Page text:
Could Coronavirus Save the World from a Rough Flu Season?

For the past couple of months, health officials and doctors have been warning about the

For the past couple of months, health officials and doctors have been warning about the quickly approaching flu season, saying that a devastating one-two punch of the seasonal virus plus the coronavirus pandemic has the potential to overwhelm the U.S. health-care system.

However, ongoing global efforts to curb the further spread of the coronavirus—which include face-mask mandates, social-distancing measures and stay-at-home directives—could mean that the flu season won’t be a major factor in the United States this year.

Moreover, experts have said that limited air travel have already helped some countries reduce the importation of the flu, which could ultimately keep their numbers low.

A milder flu season would be welcome news during this global pandemic, as it has the potential to save tens of thousands of lives.

According to a 2017 collaborative study by the U.S. Centers for Disease Control and Prevention and global health partners, between 291,000 and 646,000 people worldwide die from influenza-related respiratory illnesses each year.

These figures are considerably higher than the World Health Organization’s previous estimates of 250,000 to 500,000 deaths.

In the United States, on average, between nine and forty-five million Americans catch the flu each year, which leads to anywhere between 12,000 to 61,000 deaths. According to the CDC, between October 2019 and April 2020, there were an estimated thirty-nine to fifty-six million influenza infections and 24,000 to 62,000 fatalities.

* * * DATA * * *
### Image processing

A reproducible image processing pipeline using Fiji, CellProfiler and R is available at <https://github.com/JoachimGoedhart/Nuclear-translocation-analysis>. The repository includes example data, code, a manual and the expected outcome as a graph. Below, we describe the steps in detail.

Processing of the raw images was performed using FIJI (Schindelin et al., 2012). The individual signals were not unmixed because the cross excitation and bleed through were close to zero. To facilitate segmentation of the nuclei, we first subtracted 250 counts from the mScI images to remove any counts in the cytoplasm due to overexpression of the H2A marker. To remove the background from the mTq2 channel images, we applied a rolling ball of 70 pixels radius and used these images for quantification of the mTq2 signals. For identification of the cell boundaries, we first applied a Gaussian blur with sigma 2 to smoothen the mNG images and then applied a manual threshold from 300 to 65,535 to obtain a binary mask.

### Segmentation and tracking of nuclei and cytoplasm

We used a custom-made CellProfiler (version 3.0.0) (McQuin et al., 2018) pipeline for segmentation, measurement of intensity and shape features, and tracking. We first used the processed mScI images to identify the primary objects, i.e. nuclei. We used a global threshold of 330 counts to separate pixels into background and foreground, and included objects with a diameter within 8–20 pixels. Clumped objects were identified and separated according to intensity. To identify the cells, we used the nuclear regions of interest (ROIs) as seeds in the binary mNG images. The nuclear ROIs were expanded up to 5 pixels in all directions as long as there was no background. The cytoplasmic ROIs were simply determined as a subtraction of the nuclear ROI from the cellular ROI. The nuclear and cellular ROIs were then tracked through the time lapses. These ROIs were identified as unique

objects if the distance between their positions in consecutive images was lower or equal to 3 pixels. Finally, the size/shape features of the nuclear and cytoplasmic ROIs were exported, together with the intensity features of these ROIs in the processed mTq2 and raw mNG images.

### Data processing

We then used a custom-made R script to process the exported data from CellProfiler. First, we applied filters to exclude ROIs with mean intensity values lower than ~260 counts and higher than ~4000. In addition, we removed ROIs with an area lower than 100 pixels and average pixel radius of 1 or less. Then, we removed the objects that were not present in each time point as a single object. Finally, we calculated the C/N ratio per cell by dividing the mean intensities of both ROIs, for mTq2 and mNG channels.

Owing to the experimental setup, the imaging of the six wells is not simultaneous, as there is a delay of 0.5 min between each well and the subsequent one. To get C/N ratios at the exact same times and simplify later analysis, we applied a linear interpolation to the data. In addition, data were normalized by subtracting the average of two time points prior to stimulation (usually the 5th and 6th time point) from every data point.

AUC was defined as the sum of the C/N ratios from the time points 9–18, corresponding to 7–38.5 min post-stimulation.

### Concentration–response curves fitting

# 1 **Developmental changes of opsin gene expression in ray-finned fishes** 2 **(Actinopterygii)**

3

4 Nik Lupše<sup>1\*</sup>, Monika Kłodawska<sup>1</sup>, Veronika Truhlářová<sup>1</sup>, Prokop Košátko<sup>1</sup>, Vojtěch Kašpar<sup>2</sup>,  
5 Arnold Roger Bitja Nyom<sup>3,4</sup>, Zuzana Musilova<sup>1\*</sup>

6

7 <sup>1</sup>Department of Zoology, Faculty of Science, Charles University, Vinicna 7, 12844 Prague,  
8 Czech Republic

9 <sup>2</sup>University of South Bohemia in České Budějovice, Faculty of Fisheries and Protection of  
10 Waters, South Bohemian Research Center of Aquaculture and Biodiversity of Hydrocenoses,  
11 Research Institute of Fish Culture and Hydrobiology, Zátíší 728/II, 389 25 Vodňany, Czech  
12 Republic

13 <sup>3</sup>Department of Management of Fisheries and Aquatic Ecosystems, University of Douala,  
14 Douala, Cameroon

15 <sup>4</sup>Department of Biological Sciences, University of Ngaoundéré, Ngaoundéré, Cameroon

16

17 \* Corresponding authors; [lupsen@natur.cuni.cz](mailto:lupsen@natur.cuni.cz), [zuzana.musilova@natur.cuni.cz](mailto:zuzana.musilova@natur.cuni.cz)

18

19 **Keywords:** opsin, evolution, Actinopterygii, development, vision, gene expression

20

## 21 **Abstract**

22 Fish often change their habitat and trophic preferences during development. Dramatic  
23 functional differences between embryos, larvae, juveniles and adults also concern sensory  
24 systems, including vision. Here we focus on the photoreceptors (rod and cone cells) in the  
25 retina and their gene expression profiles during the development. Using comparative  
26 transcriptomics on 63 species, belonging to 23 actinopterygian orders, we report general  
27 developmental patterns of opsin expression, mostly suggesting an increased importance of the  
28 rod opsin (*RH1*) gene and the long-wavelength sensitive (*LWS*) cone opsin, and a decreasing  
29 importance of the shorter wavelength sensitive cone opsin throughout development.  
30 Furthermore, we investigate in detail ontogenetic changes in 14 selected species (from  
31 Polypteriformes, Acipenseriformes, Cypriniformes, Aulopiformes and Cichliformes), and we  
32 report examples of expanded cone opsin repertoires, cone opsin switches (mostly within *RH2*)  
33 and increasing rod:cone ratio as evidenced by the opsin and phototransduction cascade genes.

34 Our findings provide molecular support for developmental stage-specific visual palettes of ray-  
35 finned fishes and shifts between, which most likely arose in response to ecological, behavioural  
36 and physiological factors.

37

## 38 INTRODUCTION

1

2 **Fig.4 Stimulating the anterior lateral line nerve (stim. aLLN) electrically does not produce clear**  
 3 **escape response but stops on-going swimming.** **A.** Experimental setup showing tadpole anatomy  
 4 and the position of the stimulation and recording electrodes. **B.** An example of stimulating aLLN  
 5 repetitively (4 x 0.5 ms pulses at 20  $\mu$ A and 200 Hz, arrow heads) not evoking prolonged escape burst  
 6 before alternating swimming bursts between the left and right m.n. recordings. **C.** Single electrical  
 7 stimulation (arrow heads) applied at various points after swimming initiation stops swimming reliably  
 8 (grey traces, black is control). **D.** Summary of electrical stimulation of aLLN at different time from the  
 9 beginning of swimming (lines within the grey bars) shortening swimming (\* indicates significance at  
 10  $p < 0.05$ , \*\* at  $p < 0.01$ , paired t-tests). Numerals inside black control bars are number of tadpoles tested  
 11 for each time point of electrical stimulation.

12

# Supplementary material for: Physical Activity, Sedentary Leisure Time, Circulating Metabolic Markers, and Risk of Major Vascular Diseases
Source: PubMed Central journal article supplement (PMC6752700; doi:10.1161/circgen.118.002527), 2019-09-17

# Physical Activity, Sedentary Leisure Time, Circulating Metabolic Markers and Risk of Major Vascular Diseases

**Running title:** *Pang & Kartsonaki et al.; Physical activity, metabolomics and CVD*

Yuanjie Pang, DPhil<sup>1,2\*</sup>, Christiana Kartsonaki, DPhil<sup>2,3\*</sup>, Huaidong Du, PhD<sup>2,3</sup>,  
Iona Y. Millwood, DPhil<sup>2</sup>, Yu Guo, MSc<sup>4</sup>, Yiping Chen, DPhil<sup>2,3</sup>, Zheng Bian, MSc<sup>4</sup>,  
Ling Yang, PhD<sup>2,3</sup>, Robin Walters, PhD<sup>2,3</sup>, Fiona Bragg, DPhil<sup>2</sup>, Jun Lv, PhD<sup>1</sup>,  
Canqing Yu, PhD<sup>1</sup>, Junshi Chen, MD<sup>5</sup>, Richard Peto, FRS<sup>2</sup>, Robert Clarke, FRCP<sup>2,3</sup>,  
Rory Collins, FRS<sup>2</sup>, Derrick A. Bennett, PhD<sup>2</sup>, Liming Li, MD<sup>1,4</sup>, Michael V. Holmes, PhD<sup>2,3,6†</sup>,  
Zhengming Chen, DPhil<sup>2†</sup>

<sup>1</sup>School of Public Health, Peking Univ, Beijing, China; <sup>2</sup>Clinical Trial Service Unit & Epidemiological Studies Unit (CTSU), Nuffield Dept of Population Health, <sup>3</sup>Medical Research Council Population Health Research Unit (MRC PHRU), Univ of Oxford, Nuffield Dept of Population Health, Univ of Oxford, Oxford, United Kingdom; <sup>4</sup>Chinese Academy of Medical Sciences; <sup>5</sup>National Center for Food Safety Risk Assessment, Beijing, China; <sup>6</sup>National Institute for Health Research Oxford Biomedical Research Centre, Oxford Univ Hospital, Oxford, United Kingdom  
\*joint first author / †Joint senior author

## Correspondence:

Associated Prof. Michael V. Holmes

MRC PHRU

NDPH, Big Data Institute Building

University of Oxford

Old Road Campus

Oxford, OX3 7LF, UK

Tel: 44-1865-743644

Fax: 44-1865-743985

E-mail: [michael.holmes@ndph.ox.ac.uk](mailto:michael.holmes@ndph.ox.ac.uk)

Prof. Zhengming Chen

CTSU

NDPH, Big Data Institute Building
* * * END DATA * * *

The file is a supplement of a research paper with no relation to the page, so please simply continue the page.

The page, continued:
In what could be considered good news for the United States, currently, Australia, Brazil, and other countries in the Southern Hemisphere are in the midst of the winter flu season, and the data is indicating that the overall number of flu cases there is relatively low.

“The various hygiene and physical distancing measures implemented by member states to reduce SARS-CoV-2 virus transmission might also have played a role in mitigating influenza virus transmission,” the WHO said in a recent report.

“Globally, influenza activity was reported at lower levels than expected for this time of the year. In the temperate zones of the Southern Hemisphere, the influenza season has not commenced. Despite continued or even increased testing for influenza in some countries in the southern hemisphere, very few influenza detections were reported.”

Only time will tell, though, whether the United States will be as fortunate.

In preparation for the flu season, the four manufacturers of flu vaccines have already confirmed that they will ship roughly 200 million doses across the United States this year—which is 19% higher than last season.

AstraZeneca, the maker of the FluMist nasal spray vaccine, noted that it’s ramping up production by 25% due to expected increased demand this year.

However, fewer than half of U.S. adults and about 60% of children typically get the flu shot each year, according to CDC’s 2018-2019 data.

The shot’s effectiveness ranges from 20% to 60% each season—depending on the types of strains circulating.

Ethen Kim Lieser is a Minneapolis-based Science and Tech Editor who has held posts at Google, The Korea Herald, Lincoln Journal Star, AsianWeek and Arirang TV. Follow or contact him on LinkedIn.

Image: Reuters

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